MCI is under investigation by federal prosecutors over allegations that it disguised long-distance calls as local calls to avoid paying hundreds of millions of dollars in access fees to other carriers, The New York Times reported. Executives at MCI, formerly WorldCom, pledged an internal review but said they believe the claims by three rivals (as well as by former MCI officials) to be unfounded and possibly aimed at derailing the company's emergence from bankruptcy.
Qualcomm, the top US mobile-phone chipmaker, sued its closest rival, Texas Instruments, launching what could be a lengthy legal battle over a top-selling product: chips based on code division multiple access (CDMA) technology, the Financial Times reported. The suit, filed in a Delaware court, accuses Texas Instruments of violating terms of a December 2000 patent portfolio agreement and seeks unspecified damages and termination of the deal. Qualcomm is based in San Diego.
Urgent meetings are scheduled Monday and Tuesday between British Airways executives and union leaders to try to resolve a dispute that caused cancellation of hundreds of flights last week, stranding 90,000 passengers and costing the carrier almost $50 million in lost revenue. Unionized employees staged a wildcat strike at London's Heath-row Airport over a new electronic swipe-card system that tracks their hours. Europe's largest airline is seeking to cut costs, and the Bloomberg.com financial news service quoted chief Rod Eddington as warning it could be forced into bankruptcy if unions block those efforts.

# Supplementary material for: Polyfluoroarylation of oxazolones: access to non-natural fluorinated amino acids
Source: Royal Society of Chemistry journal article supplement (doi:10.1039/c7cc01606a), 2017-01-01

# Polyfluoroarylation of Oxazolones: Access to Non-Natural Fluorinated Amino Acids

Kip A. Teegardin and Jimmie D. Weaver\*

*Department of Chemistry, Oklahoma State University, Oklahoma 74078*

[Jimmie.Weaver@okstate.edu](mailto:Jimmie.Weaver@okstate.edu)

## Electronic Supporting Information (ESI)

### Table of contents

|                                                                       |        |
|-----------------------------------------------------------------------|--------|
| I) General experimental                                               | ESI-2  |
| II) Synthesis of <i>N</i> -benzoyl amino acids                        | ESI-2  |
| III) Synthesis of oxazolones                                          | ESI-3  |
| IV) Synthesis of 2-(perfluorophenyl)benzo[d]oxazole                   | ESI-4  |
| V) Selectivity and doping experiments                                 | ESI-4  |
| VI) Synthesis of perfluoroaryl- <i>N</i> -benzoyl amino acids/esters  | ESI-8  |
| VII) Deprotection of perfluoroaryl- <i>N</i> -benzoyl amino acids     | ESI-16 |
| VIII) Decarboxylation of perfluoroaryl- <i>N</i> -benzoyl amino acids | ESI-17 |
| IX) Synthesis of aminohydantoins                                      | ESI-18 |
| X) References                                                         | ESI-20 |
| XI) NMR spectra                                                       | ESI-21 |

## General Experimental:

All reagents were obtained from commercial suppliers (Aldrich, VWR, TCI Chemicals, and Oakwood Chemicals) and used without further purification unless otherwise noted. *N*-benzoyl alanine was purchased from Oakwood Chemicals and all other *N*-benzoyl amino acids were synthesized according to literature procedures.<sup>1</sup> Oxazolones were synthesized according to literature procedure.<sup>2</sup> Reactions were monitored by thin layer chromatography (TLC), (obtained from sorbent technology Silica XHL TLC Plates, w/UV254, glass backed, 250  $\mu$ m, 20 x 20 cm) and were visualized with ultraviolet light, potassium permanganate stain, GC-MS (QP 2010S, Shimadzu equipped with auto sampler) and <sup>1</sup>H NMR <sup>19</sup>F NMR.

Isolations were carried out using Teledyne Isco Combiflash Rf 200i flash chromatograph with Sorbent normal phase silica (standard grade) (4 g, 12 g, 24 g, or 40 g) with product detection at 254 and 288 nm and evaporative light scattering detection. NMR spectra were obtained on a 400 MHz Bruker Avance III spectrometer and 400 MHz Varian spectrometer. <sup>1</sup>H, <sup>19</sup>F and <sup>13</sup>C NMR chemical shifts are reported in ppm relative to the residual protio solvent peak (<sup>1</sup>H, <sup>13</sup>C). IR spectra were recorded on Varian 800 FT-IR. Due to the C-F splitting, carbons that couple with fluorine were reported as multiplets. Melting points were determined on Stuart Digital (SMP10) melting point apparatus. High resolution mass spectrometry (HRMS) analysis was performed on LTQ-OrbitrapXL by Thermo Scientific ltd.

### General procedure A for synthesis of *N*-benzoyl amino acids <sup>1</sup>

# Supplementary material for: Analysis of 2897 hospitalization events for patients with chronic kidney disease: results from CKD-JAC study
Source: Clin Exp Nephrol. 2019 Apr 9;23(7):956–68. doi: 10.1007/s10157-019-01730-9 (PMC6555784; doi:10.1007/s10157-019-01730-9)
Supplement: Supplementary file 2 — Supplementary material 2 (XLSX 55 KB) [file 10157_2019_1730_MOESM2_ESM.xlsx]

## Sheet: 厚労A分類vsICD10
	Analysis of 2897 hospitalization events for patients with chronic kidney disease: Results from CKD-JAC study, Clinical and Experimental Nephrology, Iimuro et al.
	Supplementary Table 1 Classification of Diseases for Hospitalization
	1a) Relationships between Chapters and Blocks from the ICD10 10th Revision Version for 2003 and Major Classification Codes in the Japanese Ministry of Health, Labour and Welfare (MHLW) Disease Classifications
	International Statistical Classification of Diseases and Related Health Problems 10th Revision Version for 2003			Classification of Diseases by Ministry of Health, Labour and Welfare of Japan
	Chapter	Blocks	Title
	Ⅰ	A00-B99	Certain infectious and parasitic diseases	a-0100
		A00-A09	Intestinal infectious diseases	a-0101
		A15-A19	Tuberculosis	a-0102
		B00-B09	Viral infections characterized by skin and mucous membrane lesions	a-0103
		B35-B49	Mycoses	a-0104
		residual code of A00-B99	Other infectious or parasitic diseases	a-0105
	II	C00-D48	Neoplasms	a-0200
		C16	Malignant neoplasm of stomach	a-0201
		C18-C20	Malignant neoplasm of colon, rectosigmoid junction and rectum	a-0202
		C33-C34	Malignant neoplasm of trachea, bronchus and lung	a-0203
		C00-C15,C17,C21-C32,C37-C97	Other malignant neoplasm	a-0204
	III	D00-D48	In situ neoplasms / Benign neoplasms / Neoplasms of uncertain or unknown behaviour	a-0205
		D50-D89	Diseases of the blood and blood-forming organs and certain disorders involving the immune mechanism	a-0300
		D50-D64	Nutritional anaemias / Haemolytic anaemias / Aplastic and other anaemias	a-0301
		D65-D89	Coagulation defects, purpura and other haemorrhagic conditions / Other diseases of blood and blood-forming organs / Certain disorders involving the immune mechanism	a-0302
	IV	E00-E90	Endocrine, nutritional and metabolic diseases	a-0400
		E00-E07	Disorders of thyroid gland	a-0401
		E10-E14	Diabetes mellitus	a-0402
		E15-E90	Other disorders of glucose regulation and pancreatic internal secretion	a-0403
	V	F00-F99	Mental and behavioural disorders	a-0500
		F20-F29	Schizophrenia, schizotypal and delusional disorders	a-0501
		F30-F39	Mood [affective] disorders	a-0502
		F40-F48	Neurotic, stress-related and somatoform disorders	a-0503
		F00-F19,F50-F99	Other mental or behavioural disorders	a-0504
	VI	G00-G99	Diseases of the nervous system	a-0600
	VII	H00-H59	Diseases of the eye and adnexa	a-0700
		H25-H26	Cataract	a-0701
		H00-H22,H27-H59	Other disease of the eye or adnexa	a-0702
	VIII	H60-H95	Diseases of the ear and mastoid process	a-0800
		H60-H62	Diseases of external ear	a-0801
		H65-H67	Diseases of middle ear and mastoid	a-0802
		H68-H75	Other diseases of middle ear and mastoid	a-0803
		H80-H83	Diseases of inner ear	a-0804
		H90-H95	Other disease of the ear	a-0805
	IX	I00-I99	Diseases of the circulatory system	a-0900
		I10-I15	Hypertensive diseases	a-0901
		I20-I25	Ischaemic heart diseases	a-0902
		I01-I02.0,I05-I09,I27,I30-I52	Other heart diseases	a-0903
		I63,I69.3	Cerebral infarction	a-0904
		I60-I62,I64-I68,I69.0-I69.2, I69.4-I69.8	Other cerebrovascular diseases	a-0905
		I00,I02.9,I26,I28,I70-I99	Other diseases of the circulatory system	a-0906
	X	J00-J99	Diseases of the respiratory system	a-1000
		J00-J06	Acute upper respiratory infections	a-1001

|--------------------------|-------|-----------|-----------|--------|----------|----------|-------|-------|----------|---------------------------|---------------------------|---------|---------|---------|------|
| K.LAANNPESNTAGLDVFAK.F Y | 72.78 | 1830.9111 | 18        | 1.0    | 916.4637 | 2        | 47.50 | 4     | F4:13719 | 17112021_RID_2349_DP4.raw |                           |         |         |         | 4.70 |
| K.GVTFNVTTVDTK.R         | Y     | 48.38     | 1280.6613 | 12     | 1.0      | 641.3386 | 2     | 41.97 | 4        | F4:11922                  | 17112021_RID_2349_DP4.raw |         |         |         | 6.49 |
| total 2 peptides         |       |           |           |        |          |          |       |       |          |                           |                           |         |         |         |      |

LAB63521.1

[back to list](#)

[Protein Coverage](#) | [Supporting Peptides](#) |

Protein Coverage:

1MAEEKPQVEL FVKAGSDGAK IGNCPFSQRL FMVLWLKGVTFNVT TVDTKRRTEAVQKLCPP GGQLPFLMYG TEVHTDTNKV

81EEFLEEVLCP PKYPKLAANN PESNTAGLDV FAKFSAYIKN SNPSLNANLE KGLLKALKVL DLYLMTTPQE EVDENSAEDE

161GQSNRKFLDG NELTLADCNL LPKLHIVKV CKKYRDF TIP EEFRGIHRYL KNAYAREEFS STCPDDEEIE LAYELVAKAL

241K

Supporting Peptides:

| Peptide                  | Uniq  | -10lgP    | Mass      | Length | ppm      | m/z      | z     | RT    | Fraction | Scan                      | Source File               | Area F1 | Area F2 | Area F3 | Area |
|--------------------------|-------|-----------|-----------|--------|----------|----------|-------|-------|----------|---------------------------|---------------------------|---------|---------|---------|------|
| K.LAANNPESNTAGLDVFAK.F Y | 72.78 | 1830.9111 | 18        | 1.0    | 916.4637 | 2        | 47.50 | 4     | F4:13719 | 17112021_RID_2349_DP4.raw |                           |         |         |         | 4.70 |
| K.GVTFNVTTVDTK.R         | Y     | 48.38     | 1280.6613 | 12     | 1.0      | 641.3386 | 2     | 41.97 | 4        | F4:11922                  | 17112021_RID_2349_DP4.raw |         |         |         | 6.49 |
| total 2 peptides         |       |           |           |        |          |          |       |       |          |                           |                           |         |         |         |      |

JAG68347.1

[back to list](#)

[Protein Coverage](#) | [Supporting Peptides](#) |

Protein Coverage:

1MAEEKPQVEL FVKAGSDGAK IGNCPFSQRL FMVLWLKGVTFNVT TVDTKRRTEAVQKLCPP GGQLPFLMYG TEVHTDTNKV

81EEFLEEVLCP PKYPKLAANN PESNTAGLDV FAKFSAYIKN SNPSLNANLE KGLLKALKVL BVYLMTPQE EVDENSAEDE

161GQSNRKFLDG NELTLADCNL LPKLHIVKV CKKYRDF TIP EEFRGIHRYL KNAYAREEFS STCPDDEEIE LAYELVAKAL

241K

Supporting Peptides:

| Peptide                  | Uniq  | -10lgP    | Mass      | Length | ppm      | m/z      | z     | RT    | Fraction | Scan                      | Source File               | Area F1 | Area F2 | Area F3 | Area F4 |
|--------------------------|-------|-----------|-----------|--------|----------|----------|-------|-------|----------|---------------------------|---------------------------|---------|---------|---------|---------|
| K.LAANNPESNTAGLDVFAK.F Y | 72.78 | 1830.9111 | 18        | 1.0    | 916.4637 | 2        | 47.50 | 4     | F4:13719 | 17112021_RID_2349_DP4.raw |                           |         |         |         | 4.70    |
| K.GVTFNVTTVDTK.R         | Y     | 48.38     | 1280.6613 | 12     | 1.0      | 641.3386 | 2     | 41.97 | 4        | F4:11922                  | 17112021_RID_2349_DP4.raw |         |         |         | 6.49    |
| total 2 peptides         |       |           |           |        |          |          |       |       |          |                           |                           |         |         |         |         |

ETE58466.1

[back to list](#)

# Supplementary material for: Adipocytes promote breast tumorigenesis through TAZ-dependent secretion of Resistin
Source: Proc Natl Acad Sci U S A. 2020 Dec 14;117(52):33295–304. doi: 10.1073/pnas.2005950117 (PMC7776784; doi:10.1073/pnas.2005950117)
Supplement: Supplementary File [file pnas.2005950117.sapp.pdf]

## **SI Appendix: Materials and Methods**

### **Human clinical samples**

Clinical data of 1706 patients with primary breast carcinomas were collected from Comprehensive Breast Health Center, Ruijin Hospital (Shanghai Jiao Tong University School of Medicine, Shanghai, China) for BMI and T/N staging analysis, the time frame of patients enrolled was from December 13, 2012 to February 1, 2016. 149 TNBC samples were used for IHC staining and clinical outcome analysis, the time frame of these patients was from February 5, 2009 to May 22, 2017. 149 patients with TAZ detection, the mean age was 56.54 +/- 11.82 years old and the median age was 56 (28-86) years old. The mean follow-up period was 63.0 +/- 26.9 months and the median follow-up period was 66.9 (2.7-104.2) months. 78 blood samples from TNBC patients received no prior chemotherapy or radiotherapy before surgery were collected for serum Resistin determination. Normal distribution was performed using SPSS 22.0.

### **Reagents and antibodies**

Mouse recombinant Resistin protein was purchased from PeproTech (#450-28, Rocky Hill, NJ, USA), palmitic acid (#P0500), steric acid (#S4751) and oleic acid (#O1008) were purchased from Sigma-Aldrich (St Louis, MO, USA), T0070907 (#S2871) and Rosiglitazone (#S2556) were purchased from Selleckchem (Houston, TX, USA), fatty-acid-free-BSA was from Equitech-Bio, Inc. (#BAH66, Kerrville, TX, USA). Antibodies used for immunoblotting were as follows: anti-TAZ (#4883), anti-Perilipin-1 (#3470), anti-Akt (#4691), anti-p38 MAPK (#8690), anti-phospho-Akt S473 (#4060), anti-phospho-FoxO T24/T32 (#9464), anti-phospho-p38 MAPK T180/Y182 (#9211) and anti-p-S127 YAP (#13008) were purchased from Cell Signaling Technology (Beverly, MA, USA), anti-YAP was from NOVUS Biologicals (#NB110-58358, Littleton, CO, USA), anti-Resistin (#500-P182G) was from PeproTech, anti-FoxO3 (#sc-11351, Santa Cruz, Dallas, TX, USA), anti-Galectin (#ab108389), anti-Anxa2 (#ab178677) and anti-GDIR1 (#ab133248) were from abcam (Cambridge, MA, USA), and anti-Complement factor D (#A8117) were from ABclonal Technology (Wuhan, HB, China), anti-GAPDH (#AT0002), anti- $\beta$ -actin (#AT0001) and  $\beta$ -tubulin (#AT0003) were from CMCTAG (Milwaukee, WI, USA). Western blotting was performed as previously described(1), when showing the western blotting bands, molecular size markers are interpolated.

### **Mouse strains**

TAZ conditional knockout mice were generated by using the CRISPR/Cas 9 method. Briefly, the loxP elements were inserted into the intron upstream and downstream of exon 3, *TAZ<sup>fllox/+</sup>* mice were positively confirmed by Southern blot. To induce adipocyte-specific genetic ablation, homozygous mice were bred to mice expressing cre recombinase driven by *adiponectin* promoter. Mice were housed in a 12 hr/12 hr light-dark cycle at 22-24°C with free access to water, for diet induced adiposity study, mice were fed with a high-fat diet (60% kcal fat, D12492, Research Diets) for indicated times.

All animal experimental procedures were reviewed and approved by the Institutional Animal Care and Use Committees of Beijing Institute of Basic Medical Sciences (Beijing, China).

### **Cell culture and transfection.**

A $2.5 billion offer for department-store chain Debenham's PLC is expected Monday from Permira, one of Europe's leading private investment funds, and reports said the former's board has recommended conditionally that shareholders accept it. Debenham's, based in London, operates 100 stores in Britain and Ireland, franchises others in the Middle East, and has been planning expansion into Malaysia.